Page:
8. Identify antibiotic resistance genes within the prophage sequences by comparing intact prophage sequences against the Comprehensive Antibiotic Resistance Database (CARD). Categorize these prophage resistance genes by function based on their labeling in CARD.
9. Using a phylogenetic tree in MEGA, compare the YMC/09/02/B1251_ABA_BP prophage in A. baumannii and A. pittii to confirm its prevalence in both Acinetobacter species.
Risk and Safety: Not applicable.
Questions and Answers
1. What was the major objective of your project and what was your plan to achieve it?
We were interested in determining whether prophages (viral elements integrated into bacterial genomes) contributed to antibiotic resistance and general virulence in the bacteria Acinetobacter pittii. We planned to employ a bioinformatics approach, using databases and online software (i.e. PHASTER for prophage identification) in order to quickly and reliably characterize prophage elements for all available A. pittii strains.
a. Was that goal the result of any specific situation, experience, or problem you encountered?
After reading a study of virulence-enhancing prophages in Acinetobacter baumannii, I wondered if the related and clinically-significant Acinetobacter pittii could also harbor prophages that enhance the virulence and antibiotic resistance of A. pittii. I then performed an extensive literature search to ensure the project idea was novel. The literature search revealed that many species related to A. pittii had been analyzed for prophages in their genome, such as A. baumannii, A. baylyi, and A. nosocomialis, but A. pittii had yet to be extensively studied. This thus clarified the goals for my study.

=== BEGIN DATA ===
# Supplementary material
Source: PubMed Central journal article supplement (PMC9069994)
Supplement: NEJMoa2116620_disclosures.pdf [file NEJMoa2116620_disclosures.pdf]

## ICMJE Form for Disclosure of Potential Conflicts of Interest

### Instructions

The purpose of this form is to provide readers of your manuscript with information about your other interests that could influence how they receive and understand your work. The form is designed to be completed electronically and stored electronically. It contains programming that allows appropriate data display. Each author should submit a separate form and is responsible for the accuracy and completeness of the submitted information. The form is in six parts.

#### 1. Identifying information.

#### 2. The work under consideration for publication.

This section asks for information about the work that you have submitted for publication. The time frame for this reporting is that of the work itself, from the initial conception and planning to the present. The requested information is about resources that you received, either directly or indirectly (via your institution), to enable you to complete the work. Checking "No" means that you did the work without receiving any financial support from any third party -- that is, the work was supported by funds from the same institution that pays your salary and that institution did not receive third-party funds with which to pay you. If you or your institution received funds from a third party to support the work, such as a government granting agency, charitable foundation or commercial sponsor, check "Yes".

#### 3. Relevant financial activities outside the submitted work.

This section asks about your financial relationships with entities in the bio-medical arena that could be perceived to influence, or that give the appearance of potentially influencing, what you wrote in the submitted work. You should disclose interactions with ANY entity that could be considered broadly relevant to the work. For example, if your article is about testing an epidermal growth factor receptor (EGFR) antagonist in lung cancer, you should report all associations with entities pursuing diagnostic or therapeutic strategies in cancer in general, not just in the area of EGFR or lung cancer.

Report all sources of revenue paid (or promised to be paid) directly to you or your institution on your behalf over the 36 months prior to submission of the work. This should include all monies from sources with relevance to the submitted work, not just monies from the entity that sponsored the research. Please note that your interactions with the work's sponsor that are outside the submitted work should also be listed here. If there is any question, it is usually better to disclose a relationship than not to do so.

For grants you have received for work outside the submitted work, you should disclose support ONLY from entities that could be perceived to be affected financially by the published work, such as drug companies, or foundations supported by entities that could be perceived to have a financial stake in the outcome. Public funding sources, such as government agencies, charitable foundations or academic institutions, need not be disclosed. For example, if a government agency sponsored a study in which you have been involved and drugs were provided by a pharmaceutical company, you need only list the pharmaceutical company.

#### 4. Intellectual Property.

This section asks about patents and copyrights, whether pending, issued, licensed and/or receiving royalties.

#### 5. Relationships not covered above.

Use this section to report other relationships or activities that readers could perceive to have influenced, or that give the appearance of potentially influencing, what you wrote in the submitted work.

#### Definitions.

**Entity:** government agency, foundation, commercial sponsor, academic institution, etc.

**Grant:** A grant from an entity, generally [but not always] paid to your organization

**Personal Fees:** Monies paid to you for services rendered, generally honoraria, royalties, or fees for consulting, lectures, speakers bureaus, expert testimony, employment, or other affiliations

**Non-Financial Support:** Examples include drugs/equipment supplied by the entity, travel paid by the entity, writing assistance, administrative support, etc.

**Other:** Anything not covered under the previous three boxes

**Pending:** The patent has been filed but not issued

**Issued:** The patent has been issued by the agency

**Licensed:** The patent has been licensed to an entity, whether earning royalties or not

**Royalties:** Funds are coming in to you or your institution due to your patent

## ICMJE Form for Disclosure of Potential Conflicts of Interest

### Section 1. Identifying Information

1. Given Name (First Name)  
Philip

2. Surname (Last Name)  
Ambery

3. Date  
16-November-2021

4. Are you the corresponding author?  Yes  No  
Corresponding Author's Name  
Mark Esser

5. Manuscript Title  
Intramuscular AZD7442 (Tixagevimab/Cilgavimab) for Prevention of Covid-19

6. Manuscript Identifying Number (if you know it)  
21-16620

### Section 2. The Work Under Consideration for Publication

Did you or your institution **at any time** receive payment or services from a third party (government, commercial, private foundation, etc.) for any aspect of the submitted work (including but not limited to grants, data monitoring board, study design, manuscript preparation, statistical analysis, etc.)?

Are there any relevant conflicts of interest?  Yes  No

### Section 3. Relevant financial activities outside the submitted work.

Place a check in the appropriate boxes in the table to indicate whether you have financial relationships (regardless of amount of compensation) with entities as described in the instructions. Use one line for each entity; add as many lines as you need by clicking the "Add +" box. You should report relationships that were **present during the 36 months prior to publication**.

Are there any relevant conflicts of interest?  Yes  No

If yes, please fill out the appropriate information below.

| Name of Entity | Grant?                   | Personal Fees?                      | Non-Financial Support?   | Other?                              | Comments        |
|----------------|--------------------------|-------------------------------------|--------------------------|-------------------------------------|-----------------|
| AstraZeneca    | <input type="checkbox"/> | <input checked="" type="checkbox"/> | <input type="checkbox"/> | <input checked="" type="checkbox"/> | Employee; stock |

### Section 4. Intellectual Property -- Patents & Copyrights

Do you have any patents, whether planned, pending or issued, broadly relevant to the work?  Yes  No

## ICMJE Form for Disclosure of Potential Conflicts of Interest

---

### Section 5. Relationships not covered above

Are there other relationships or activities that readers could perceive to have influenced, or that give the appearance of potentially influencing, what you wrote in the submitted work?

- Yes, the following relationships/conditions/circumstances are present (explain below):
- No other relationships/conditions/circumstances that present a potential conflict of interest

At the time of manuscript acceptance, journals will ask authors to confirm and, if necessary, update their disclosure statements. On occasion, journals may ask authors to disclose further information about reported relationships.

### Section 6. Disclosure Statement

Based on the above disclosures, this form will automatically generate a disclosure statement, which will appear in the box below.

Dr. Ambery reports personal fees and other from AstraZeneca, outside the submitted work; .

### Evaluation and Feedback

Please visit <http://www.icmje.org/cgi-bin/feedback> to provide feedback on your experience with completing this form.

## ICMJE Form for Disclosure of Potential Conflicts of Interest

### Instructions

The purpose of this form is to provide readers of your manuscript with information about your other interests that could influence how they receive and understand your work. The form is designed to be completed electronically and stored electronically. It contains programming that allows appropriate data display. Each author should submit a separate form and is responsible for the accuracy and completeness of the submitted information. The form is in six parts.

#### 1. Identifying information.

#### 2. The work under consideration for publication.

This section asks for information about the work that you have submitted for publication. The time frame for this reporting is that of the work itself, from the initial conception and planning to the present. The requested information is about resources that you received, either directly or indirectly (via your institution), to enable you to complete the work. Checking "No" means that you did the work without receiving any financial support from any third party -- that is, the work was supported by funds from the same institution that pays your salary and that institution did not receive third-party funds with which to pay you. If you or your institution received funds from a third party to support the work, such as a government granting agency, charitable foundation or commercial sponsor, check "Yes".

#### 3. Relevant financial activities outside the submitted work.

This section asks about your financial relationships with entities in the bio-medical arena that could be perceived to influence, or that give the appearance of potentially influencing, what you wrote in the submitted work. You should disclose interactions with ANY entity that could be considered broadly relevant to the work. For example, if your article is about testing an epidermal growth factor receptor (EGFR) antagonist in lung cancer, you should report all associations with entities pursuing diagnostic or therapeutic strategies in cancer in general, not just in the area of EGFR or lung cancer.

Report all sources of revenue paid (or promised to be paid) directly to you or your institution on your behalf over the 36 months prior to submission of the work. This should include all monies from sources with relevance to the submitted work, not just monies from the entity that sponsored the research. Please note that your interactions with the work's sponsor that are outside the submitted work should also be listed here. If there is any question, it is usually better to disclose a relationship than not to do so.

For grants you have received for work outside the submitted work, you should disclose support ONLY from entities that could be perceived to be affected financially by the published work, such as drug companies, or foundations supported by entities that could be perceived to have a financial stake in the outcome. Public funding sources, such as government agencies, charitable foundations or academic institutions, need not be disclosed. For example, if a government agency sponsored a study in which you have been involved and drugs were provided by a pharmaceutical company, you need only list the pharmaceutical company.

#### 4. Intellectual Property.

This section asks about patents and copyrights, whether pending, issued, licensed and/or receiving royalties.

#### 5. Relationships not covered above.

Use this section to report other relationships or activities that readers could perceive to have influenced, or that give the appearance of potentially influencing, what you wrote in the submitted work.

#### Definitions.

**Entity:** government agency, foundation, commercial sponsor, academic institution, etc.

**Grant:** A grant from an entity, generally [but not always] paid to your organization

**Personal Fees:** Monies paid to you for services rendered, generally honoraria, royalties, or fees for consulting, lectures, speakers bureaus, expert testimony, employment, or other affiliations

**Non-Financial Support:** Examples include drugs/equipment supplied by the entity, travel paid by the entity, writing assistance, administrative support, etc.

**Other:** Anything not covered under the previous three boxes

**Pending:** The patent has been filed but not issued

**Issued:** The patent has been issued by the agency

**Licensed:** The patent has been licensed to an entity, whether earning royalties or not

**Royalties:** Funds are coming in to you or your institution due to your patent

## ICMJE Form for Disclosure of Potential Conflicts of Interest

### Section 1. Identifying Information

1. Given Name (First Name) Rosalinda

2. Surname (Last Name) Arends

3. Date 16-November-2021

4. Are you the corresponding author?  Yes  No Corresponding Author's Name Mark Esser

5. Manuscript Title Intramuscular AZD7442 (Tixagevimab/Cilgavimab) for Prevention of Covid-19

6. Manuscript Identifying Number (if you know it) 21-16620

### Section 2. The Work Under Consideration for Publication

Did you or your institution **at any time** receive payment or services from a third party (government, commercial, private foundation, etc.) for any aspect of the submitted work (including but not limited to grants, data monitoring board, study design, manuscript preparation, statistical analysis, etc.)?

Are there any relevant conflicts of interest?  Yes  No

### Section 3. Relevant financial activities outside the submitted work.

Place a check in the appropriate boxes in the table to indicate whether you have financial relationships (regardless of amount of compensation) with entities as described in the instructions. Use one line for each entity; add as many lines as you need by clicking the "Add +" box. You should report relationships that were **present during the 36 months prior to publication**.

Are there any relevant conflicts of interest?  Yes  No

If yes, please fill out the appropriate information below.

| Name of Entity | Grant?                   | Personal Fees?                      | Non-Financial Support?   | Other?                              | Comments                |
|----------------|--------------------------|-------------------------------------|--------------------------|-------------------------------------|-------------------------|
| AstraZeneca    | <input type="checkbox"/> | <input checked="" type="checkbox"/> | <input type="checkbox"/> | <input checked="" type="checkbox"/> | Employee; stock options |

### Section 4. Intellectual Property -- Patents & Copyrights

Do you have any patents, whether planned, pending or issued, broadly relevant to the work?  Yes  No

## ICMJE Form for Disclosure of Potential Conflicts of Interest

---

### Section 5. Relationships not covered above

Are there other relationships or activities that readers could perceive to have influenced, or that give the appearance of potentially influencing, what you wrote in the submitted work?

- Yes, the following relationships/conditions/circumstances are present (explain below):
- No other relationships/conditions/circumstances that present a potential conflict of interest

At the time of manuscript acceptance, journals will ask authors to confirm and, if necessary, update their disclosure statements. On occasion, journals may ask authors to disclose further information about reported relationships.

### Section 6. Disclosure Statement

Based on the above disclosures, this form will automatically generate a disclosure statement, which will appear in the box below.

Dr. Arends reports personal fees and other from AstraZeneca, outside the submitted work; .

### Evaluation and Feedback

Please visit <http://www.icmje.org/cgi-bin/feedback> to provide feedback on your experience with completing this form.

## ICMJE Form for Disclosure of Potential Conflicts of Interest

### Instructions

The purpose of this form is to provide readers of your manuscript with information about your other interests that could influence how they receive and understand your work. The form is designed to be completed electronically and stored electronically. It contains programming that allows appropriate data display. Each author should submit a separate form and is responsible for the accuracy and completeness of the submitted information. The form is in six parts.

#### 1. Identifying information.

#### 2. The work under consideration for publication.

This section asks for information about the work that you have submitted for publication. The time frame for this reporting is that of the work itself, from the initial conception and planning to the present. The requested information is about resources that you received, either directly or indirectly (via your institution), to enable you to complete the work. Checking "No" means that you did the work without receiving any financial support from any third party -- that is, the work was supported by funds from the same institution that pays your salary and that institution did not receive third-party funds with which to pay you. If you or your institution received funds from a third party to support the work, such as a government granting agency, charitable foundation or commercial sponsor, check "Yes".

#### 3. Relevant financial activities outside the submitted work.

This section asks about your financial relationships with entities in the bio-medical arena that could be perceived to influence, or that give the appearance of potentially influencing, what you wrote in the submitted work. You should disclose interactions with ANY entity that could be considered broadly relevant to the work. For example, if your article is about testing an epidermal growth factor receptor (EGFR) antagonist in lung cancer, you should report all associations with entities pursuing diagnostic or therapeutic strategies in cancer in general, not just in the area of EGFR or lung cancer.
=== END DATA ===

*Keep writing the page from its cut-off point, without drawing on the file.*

b. Were you trying to solve a problem, answer a question, or test a hypothesis?
We were trying to test the hypothesis that Acinetobacter pittii contained prophages that contributed significant amounts of virulence factors and antibiotic resistance, genetic elements that could make the bacteria more pathogenic. We were also trying to answer the question of what these virulence-influencing prophages could be and if they influenced the genome in any way other than conferring pathogenicity-enhancing genes.
2. What were the major tasks you had to perform in order to complete your project?
a. For teams, describe what each member worked on.
I performed the literature search to ascertain that the research idea was novel. I developed the hypotheses, designed the experiment, identified prophages using PHASTER software, characterized the virulence factors and resistance genes in these prophages, generated synteny maps to identify the relationship between virulence factors and genomic structure, performed relevant statistical analysis, and wrote the initial drafts of the paper.
Dr. Mathur helped me draw conclusions from the data I gathered and processed. In particular, he helped me organize the Mauve synteny results and notice genomic rearrangement patterns. He also helped me organize, edit, and revise my final research paper.
3. What is new or novel about your project?
As stated previously, Acinetobacter pittii has yet to be analyzed in terms of virulence-enhancing prophages, so all of our results that relate to Acinetobacter pittii prophages and the virulence-related sequences within them are novel.
a. Is there some aspect of your project's objective, or how you achieved it that you haven't done before?
This project was the first time I fully designed and implemented an experimental procedure. I learned multiple new software and bioinformatics techniques, such as genome annotation and prophage identification.